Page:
Higher education has come under increased financial pressure in recent years as state appropriations, endowments and gifts have declined. At the same time, the long recession has made it harder for students and families to afford tuition increases.
FM interviewed three former FSDs who now hold broader roles in college administration: Frank Gladu, assistant vice chancellor, business services at Vanderbilt University; David Annis, director of housing and foodservices, University of Oklahoma; and Pat Bando, associate vp, auxiliary services, Boston College. We asked them to look broadly across higher education and comment on the impact such pressures might have on campus dining.
“Financial concerns are top of mind for every institution today and dining won't be spared that concern,” says Gladu. “It is the same at every institution, regardless of the nature of the revenue streams they have come to rely upon.”
Many schools floated bonds to cover capital cost investments for housing and dining in recent years, “and even though auxiliaries may generate their own income to pay these obligations, universities are looking for additional revenue to augment the central budget,” agrees OU's David Annis. “That can put pressure on departments in terms of funding day-to-day operational needs.”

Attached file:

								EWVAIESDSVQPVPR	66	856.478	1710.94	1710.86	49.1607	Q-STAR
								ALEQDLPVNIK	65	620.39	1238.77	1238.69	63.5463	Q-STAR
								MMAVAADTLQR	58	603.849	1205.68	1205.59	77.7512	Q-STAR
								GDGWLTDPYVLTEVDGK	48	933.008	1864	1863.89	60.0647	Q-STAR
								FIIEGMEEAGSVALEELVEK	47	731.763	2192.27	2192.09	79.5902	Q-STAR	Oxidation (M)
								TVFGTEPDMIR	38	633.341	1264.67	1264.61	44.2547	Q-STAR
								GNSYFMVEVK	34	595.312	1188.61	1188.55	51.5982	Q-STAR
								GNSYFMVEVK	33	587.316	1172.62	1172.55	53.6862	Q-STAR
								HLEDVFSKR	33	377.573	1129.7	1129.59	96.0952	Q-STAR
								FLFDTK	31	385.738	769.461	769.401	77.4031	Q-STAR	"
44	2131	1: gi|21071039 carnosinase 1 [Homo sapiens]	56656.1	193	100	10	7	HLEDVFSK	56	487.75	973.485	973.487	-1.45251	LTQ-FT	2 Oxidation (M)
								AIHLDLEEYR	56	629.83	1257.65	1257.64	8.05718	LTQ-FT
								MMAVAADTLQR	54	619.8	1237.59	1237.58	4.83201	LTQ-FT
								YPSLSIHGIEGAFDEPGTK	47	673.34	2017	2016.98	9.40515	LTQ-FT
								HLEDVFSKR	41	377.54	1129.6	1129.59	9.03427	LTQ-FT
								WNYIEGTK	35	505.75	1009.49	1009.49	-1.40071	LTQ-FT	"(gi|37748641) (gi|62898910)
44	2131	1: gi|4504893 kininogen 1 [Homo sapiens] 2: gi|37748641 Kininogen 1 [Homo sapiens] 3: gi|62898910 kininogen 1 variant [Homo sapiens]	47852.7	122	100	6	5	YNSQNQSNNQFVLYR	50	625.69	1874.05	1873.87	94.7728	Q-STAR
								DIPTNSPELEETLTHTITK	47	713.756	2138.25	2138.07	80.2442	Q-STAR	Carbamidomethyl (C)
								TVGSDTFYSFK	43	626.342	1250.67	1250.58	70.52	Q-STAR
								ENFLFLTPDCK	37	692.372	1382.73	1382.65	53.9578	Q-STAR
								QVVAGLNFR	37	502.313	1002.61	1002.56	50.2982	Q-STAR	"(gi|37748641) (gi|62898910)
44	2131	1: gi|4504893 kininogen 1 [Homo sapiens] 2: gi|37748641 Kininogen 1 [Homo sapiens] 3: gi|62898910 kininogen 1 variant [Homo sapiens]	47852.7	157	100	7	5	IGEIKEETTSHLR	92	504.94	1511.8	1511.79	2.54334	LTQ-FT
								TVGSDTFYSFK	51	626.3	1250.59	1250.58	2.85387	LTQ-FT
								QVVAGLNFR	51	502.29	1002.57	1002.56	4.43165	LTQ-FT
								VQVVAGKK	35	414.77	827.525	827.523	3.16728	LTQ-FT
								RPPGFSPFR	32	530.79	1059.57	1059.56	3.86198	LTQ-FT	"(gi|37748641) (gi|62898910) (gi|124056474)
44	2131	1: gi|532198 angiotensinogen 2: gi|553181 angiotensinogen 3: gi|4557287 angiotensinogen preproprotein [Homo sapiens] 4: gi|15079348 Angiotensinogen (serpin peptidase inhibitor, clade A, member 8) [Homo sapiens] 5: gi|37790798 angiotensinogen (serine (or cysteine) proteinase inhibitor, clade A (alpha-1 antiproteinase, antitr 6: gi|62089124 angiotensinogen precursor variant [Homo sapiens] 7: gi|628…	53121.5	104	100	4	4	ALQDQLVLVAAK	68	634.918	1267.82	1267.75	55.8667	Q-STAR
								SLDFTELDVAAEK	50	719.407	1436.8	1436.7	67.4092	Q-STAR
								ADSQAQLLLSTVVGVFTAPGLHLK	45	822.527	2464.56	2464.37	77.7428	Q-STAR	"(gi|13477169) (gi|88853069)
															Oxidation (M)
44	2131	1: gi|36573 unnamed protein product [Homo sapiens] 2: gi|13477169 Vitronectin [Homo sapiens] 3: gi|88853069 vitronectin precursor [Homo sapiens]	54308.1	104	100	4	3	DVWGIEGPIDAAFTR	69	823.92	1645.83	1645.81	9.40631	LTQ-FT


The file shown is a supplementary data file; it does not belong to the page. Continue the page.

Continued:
Community college transfers can change the dining culture. “In tough economic times, state schools find more students spend their first year or two in a community college, then transfer their credits to the university,” says Annis. “Auxiliaries can be affected by that — most dining programs depend on the predictable income from mandatory freshman meal plan requirements. If students arrive at the school later, they don't have the exprience with or loyalty to on campus dining they would have had otherwise.”
“It is not just about trimming costs or right-sizing,” says Gladu. “It is about fiscal strategy, about discerning what is essential and necessary to enhance programs and executing at a time when unbridled growth is not possible.